Self-Driving Vehicles Pave the Way for Automobile Drivers.
Who knew that the dawn of driver-less vehicles would come to pass? Innovative thinkers of automotive technology are constantly searching for ways to perform every-day driving activities smarter and more efficiently.
In this case, computers are being programmed to transport people from place to place. Whether the route is planned to be to and from the grocery store, work, a party, or to grandma’s house, one is left with the benefit of knowing that a trusted driver is behind the wheel.
According to the Michigan Economic Development Corporation, by 2035, it is calculated that approximately 21 million autonomous vehicles will be sold on the market, globally. In fact, the idea of exchanging drivers for automated systems free of faulty errors that people make, is beyond the stage of inception.
Advocates predict that self-driven vehicles (SDV’s) will improve and ensure the safety of its passengers, provide convenience, fuel savings, and be much more eco-friendly. And, after studies have shown that over 90% of traffic accidents are contributed to driving errors, supporters of the technology believe that self-driving cars will reduce collisions by 90%.
Based on sheer observation, SDV’s don’t drink and drive, can be programmed to obey traffic laws, optimized to conserve energy, and are capable of legally transporting unlicensed travelers to their desired destination.
But, what happens when they malfunction? SDV’s functional life force is driven by sensory motion and sophisticated software. With that being said, cost is definitely a factor.
An autonomous vehicle requires a series of electrical sensors, controls, software, and [even] subscriptions – adding up to be over hundreds of thousands of dollars – that work cohesively to allow its operational health to remain in favorable condition.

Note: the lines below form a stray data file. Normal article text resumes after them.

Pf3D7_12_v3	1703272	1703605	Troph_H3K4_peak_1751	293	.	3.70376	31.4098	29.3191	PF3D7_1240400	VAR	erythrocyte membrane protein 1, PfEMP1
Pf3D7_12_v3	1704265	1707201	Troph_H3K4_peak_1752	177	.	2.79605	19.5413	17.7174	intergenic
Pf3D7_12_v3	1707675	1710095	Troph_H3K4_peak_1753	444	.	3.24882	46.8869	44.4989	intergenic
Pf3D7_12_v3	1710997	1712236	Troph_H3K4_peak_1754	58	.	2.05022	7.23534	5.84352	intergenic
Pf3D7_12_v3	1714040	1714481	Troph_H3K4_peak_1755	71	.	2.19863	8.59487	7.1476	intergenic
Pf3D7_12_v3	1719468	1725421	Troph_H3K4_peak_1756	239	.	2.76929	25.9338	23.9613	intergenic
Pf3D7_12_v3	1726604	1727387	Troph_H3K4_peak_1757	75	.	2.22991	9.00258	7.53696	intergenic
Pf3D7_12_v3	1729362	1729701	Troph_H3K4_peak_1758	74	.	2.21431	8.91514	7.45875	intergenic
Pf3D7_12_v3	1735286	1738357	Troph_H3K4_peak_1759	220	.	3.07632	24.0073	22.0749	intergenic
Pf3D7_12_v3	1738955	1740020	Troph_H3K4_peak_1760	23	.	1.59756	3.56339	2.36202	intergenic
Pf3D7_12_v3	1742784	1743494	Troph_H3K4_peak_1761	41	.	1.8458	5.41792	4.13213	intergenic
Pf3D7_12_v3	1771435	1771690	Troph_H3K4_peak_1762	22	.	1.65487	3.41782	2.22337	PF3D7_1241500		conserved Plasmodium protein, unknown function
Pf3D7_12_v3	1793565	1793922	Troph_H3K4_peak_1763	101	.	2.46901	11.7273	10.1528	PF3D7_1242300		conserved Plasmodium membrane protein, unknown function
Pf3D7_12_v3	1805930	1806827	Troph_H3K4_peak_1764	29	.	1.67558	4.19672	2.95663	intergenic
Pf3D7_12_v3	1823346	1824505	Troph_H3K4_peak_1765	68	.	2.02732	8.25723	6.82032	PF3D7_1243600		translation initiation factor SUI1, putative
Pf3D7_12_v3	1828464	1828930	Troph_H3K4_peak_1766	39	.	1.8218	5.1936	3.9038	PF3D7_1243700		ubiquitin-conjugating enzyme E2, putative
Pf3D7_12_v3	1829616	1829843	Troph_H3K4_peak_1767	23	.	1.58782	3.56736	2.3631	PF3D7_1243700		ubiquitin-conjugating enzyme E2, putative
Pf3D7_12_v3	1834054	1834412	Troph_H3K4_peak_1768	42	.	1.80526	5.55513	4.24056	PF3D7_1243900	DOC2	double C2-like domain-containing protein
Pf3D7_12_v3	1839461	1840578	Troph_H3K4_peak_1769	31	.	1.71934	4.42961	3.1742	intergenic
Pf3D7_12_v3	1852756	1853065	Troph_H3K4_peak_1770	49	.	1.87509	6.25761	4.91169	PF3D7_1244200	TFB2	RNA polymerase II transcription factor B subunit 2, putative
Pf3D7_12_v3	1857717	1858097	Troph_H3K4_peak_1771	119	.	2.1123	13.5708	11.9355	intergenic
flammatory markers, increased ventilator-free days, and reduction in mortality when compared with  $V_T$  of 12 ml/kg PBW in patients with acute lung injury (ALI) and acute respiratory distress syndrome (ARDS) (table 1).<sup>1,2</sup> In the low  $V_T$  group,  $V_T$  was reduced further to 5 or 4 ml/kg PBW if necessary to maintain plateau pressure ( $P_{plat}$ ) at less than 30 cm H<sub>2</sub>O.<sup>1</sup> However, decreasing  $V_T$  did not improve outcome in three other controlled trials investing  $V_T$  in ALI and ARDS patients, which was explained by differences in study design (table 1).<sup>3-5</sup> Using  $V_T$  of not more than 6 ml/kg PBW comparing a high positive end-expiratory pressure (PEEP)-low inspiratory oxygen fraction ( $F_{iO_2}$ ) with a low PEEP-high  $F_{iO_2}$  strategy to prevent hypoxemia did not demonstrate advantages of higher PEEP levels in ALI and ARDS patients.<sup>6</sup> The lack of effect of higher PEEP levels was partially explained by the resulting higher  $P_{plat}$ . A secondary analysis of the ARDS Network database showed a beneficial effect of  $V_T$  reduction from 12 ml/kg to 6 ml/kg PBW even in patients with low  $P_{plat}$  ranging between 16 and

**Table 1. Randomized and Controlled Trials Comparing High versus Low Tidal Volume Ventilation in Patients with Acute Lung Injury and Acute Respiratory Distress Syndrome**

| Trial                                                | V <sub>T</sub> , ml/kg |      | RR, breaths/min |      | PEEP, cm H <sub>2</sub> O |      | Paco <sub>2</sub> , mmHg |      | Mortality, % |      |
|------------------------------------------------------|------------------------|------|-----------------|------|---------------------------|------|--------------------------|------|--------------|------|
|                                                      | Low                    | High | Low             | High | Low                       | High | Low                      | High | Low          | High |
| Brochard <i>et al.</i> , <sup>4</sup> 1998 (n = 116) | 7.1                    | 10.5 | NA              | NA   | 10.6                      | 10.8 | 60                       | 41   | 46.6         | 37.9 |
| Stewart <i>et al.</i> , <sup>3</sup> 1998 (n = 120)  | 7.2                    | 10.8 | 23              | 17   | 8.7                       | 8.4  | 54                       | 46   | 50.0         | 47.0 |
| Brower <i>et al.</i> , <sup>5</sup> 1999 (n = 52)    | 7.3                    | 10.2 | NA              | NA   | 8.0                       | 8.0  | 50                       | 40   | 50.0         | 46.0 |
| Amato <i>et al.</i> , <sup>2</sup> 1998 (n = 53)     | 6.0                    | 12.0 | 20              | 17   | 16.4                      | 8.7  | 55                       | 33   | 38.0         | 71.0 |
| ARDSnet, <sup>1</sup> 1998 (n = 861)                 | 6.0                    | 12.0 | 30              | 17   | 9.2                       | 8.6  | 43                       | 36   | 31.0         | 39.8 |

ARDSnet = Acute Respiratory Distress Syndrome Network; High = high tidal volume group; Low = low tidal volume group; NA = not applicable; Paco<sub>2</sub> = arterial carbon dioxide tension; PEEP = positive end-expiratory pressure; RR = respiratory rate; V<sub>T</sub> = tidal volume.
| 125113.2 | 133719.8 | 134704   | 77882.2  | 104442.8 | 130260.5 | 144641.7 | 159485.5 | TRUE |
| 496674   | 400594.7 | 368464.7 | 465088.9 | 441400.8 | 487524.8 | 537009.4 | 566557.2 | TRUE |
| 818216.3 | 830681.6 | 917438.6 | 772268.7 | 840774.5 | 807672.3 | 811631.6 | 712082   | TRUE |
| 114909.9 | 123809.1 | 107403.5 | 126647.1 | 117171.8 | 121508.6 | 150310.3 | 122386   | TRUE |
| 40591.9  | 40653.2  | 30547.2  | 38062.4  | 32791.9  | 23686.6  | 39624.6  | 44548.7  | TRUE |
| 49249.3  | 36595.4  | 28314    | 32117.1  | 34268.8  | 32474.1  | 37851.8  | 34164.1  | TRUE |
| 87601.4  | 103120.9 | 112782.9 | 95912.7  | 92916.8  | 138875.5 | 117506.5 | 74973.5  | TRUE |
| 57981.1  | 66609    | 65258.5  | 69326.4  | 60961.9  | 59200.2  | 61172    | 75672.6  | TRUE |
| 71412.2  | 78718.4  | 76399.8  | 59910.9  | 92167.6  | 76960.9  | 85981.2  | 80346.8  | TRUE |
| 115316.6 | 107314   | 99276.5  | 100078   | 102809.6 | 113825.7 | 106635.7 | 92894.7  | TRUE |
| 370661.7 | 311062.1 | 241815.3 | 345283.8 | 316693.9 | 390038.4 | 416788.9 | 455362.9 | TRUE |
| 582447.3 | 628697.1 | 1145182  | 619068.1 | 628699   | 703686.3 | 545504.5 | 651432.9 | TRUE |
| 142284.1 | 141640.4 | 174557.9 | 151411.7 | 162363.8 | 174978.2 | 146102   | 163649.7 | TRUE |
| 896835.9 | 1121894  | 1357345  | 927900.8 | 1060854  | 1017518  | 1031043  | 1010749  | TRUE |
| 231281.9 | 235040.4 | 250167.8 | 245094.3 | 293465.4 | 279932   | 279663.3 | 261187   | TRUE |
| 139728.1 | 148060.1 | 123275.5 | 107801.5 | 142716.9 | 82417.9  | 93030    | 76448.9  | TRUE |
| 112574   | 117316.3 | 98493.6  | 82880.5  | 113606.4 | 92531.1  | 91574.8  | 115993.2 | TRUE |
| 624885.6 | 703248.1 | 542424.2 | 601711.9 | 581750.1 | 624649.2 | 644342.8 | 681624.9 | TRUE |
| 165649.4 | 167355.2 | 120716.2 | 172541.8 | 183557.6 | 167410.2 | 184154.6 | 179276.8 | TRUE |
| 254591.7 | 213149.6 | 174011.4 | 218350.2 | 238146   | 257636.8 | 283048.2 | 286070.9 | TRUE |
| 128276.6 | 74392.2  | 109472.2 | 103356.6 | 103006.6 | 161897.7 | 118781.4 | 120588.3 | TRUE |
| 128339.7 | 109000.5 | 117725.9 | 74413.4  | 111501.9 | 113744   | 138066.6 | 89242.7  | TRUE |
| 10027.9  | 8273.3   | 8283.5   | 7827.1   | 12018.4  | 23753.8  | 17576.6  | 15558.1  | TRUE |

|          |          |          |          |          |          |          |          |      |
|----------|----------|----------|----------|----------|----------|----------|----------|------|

Even in today’s society, sensors are a big deal. A simple structural failure on a road surface, commonly known as a pot hole, can dismantle a sensor.
Sensors are the first responders to a vehicle’s computer that send real-time updates to keep track of everything. Once a SDV is stripped of its sensory guide, it becomes practically blind and prey to faulty errors on the road.
Security and authentication of computerized SDV’s would place the lives of many in jeopardy, given that car attacks could increase through the art of hacking. Researchers have shown that commercial vehicles such as the Ford SUV and Toyota Prius, are susceptible to cyber-car-jacking by simply synchronizing to its network through Bluetooth or cellular applications.
In the event of technological failure, it is unclear as to what role human drivers would take on. Given that government-proposed regulations have been set forth to support hands-free, self-driving vehicles , Waymo, a self-driving technology company backed by Google, released its autonomous minivans and prototypes with no pedals or wheel to clutch onto when things go awry.
Factors such as the economy’s unemployment rate, and supply and demand are quintessential to the growth of America. The potentially harmful in-depth projections of these components are more than capable of affecting citizens on a national scale.
Innovative car-sharing companies including Uber, Lyft, and Zipcar are preparing for the era of mobility-as-a-service where, “…car sharers outnumber car owners,” which is slightly different from renting a vehicle – by the way.
Although this dream has been tested by many developers in urban, metropolitan areas and make-believe towns such as Motor City (Mcity), the implementation of a self-driving car-sharing society remains just that: a working vision.